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Summary. Chapter 1. The narrator defines his writing by the truth it represents, which is in stark contrast to the embellished fiction fit only to line.
Table of contents
- The History of Tom Jones, a Foundling - Wikipedia
- The History of Tom Jones, a Foundling/Book IV
- by Henry Fielding
Molly's not just going to take that kind of thing lying down: And since she's standing in the churchyard, the stuff that's close to hand is mostly bones from a nearby fresh grave. Molly throws, like, a femur at someone. Along with a few skulls. This is the most ridiculously morbid girlfight ever. Molly's doing pretty well, as she keeps beating people with that handy thighbone she grabbed out of the ground. Throughout this whole ridiculous scene, the narrator keeps using really fancy classical references.
Captain Blifil and his wife start to grow cool towards one another, and the former is found dead from apoplexy one evening after taking his customary evening stroll before dinner. By then he has fathered a boy, who grows up with the bastard Tom. Captain Blifil's son, known as Master Blifil, is a miserable and jealous boy who conspires against Tom. Tom grows into a vigorous and lusty yet honest and kindhearted youth.
He tends to be closer friends with the servants and gamekeepers than with members of the gentry. He is close friends with Black George, who is the gamekeeper. His first love is Molly, Black George's second daughter and a local beauty.
The History of Tom Jones, a Foundling - Wikipedia
She throws herself at Tom, who gets her pregnant and then feels obliged to offer her his protection. After some time, however, Tom finds out that Molly is somewhat promiscuous. He then falls in love with a neighbouring squire's lovely daughter, Sophia Western. Tom and Sophia confess their love for each other after Tom breaks his arm rescuing Sophia.
Tom's status as a bastard causes Sophia's father and Allworthy to oppose their love.
This aspect of class friction gives Fielding an opportunity for biting social commentary. The inclusion of prostitution and sexual promiscuity in the plot was also original for its time, and the foundation for criticism of the book's "lowness". Squire Allworthy falls ill and is convinced that he is dying. His family and servants gather around his bed as he disposes his wealth. He gives a favourable amount of his wealth to Tom Jones, which displeases Master Blifil.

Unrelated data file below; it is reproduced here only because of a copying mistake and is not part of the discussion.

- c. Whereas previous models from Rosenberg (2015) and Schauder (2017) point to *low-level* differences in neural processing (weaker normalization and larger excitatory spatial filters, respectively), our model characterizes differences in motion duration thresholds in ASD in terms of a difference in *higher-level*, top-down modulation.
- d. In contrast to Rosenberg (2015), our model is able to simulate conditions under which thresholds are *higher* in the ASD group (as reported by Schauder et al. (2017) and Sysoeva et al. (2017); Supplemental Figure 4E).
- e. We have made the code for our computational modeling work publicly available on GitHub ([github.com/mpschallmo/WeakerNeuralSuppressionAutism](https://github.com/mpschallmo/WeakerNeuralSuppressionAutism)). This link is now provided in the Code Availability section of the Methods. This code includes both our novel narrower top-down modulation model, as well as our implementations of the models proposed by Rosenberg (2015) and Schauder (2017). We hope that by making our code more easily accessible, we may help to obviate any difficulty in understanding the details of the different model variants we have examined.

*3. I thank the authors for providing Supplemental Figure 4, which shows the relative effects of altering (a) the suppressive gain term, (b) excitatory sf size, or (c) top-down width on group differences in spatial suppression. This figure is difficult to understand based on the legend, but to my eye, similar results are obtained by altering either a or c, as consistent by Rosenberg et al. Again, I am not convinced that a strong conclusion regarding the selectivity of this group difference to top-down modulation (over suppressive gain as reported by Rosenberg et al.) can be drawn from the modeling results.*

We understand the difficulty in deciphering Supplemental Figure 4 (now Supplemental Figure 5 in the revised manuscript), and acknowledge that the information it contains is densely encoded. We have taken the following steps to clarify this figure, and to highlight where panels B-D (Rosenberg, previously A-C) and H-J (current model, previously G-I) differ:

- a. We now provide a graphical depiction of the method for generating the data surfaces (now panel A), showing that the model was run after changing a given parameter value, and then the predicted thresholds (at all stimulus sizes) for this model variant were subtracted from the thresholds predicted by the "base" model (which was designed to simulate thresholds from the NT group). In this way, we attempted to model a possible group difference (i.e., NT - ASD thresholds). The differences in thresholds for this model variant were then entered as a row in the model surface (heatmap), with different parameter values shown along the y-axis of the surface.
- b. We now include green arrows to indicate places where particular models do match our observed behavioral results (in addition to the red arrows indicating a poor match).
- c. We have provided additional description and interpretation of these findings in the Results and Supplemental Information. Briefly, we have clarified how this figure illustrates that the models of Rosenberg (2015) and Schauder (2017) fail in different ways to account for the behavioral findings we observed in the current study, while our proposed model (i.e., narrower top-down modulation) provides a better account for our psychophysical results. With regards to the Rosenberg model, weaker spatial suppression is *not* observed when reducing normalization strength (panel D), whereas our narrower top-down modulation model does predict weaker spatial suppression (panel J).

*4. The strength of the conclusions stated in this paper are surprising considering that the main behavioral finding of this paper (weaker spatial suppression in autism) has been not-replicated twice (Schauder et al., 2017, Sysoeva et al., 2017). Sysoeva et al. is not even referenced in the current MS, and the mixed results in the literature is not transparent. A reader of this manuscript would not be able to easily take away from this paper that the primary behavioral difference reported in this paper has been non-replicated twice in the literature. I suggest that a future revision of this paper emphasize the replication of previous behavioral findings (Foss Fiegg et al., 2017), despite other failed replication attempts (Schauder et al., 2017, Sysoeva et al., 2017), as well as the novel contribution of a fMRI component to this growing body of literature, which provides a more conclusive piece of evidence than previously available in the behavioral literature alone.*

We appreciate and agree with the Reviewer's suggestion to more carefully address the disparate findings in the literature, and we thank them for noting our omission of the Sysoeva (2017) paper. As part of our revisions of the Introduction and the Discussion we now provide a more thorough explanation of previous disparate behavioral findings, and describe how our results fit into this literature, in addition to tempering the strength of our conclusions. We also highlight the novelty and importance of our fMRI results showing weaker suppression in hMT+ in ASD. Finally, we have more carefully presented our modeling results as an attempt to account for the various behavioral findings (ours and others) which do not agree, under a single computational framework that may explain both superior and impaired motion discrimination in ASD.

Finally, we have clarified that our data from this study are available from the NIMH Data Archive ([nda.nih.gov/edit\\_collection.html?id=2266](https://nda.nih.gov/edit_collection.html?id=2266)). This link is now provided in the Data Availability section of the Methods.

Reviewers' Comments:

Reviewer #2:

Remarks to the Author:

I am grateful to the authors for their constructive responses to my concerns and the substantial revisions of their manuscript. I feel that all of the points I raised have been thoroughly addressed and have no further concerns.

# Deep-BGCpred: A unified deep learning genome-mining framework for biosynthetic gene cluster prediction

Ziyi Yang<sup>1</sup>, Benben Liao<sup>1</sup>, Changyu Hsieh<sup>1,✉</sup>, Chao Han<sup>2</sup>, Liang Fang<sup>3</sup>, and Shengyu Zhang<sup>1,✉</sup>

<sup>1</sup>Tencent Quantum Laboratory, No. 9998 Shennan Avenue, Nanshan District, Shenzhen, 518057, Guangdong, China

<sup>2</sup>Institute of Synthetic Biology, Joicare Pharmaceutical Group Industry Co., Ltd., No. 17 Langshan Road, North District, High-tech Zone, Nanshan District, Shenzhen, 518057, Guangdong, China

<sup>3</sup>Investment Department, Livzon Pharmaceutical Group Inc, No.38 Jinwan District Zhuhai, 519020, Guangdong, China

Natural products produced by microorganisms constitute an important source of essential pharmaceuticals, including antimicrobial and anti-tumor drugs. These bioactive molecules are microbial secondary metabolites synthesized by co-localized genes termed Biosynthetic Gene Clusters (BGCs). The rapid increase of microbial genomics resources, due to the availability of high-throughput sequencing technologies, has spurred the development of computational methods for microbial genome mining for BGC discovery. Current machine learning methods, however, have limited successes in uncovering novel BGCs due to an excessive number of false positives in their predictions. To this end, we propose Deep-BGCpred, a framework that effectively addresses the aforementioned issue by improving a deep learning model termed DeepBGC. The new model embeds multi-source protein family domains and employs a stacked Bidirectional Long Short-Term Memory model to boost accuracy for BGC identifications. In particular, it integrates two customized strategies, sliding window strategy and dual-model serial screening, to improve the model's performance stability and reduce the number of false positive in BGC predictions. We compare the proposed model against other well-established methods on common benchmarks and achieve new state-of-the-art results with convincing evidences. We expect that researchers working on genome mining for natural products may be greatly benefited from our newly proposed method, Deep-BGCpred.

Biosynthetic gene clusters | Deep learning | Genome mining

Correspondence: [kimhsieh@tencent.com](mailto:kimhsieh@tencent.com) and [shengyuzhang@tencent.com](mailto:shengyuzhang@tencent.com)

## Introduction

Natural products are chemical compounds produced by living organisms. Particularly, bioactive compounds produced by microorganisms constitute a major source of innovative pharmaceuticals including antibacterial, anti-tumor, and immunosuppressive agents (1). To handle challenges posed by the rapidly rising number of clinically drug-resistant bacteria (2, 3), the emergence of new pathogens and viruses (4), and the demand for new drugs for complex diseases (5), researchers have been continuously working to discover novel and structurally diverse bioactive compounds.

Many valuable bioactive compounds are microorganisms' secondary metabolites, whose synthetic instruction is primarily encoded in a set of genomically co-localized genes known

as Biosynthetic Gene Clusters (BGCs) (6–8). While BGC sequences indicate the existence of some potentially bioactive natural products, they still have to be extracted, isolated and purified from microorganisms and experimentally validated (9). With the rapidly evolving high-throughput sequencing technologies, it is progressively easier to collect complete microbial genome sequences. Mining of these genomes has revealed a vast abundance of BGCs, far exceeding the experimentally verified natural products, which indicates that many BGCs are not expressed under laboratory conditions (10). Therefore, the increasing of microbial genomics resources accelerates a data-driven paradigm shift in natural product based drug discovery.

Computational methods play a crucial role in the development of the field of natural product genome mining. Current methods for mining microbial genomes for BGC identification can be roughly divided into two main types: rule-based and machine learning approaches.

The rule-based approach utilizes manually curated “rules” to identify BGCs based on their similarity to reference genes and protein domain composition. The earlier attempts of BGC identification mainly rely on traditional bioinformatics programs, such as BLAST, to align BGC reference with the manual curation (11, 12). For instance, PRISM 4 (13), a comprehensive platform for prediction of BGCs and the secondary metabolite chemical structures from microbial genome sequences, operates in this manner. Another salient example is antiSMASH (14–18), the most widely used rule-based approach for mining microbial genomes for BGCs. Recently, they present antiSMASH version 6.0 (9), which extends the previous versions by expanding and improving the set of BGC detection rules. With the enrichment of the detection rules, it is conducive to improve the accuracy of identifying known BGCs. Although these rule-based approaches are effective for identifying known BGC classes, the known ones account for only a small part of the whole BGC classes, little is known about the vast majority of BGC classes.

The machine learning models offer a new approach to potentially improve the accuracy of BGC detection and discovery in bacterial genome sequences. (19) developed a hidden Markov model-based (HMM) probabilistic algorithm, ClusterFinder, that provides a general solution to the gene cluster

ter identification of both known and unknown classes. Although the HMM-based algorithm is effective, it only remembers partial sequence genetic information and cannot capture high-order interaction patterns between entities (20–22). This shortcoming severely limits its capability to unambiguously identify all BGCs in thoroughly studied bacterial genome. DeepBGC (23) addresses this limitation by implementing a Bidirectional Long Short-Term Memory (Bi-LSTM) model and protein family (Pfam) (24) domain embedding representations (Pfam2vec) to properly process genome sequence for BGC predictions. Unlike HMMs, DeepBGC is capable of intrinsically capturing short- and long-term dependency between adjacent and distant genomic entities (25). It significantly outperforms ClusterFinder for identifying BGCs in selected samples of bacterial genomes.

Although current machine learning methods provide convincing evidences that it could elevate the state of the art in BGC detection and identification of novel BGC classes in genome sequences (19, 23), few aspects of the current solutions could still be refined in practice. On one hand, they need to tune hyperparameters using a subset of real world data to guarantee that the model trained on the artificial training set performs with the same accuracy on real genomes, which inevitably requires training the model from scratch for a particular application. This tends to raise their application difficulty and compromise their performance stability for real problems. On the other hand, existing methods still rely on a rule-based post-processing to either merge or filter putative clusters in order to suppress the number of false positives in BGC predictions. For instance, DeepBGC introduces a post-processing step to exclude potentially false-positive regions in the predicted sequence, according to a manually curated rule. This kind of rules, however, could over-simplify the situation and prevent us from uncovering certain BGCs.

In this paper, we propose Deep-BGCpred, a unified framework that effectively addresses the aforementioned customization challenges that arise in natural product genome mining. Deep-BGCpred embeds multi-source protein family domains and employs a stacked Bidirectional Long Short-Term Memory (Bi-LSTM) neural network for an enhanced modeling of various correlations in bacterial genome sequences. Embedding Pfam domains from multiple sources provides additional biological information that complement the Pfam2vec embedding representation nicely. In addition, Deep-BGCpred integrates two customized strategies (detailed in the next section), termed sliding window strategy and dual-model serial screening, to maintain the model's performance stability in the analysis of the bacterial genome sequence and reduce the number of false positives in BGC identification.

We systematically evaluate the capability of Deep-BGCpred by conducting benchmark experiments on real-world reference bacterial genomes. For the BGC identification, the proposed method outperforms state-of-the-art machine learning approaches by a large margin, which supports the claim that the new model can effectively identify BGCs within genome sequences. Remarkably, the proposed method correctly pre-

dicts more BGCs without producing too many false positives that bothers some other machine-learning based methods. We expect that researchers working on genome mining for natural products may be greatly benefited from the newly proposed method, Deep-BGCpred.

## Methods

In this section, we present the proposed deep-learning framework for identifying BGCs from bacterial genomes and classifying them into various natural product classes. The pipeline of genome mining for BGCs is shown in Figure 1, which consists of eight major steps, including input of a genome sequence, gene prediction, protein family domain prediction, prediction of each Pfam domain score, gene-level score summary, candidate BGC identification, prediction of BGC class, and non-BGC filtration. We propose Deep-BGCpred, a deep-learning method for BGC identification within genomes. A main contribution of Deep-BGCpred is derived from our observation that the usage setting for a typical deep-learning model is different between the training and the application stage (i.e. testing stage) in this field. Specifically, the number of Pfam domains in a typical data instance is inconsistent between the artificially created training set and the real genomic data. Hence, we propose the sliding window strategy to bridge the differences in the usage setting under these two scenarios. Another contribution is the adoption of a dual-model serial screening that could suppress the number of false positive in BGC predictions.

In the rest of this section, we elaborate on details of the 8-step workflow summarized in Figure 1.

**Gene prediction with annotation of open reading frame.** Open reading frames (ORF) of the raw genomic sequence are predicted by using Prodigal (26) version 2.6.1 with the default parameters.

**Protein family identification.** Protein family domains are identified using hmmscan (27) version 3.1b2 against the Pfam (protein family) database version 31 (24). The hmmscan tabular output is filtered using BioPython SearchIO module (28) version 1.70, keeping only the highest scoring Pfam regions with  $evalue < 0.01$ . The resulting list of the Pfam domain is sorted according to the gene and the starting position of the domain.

Tom doesn't care about what he has been given, since his only concern is Allworthy's health. Allworthy's health improves and we learn that he will live.
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Tom Jones is so excited that he begins to get drunk and gets into a fight with Blifil. Sophia wants to conceal her love for Tom so she gives a majority of her attention to Blifil when the three of them are together.
Squire Western wants Sophia to marry Blifil in order to gain property from the Allworthy estate. Blifil learns of Sophia's true affection for Tom Jones and is angry. Blifil tells Allworthy that on the day he almost died Tom was out drinking and singing and celebrating his coming death. Tom is expelled from Allworthy's estate and begins his adventures across Britain, eventually ending up in London.
The History of Tom Jones, a Foundling/Book IV
On the way he meets a barber, Partridge, who was banished from town because he was thought to be the father of Tom Jones. He becomes Tom's faithful companion in the hope of restoring his reputation. During their journey they end up at an inn where a lady and her maid arrive. An angry man arrives and the chambermaid points him in the direction she thinks he needs to go.
He bursts in on Tom and Mrs Waters, a woman whom Tom rescued, in bed together. The man, however, was looking for Mrs Fitzpatrick and leaves. Sophia christened the bird "little Tommy" and became so attached to it that feeding and playing with the bird was her greatest pastime. One day in the garden Blifil persuades Sophia to let him hold little Tommy for a moment. On acquiring the bird, Blifil quickly removes the string from the bird's leg and releases it.
by Henry Fielding
Beckoned by Sophia's screams, Tom runs to them and climbs the tree where the bird has perched itself. The branch breaks and Tom tumbles into the canal below. When the adults arrive at the scene, Blifil confesses that it is his fault and explains that he cannot stand to see anything not have its liberty. Tom and Blifil are sent home, Sophia retires to her chamber, and the adults return to their alcohol. Square, Thwackum, Squire Western, Allworthy, and a lawyer friend of Western's argue about whether Blifil's actions were right or wrong.
Square and Thwackum praise Blifil. Western, annoyed with Blifil for depriving Sophia of her bird, simply urges his guests to continue drinking. Allworthy thinks that the action was wrong, but the motivation good, and therefore resolves not to punish the boy.
The lawyer enigmatically declares that property rights are "nullius in bonis," confounding the rest of the participants.